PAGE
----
Last spring on Trailheads we shared a call for photographs of Modernist buildings in Pennsylvania to enter a juried photo exhibit at The State Museum of Pennsylvania in Harrisburg. In honor of the 50th anniversary of The State Museum and Archives Complex this year, the earlier post explained, the show would help celebrate and shine a light on a distinctive, progressive style that, although found throughout the Commonwealth, is often “hidden in plain sight.” It was sort of a tall order – would photographers embrace the assignment and would a solid exhibition result?

We’re happy to report that Pennsylvania photographers – from amateur enthusiasts to seasoned professionals – did in fact step up to the task in a brilliant way with stellar entries. “PA Modern” opened to the public at The State Museum on Sunday, October 25, with an audience of approximately 150 photographers and fans of Midcentury Modern. Two award winners were announced at a brief ceremony; both photographs will become part of PHMC's permanent collection.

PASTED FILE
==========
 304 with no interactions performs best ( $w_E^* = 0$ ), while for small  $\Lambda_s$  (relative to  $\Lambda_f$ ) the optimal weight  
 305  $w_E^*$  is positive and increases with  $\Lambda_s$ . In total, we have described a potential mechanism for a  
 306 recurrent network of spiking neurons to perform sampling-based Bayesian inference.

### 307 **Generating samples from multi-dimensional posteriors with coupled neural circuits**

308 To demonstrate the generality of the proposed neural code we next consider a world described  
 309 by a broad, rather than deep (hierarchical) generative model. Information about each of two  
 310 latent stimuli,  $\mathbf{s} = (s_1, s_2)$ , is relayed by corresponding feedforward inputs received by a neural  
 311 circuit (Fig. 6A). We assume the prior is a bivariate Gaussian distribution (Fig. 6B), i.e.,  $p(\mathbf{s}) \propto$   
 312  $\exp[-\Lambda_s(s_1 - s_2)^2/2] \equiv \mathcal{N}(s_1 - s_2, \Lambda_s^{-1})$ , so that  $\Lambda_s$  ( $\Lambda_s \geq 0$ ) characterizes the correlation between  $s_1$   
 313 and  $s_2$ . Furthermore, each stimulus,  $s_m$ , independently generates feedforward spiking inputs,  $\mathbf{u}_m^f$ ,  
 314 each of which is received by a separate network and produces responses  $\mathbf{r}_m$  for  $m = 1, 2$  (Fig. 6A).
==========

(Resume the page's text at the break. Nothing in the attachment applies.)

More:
Andrew Hoff, a Camp Hill photographer and artist often featured in “Art of the State,” won the “Best of Show” purchase prize for his photo of Barlup’s Appliances, a “Jetson’s –style” circa 1960s store in Enola (Cumberland County)

Uniontown resident Joseph Skompski, a newcomer to juried exhibits, won the “Best of The State Museum and Archives” purchase prize for his evocative portrait of the Pennsylvania State Archives tower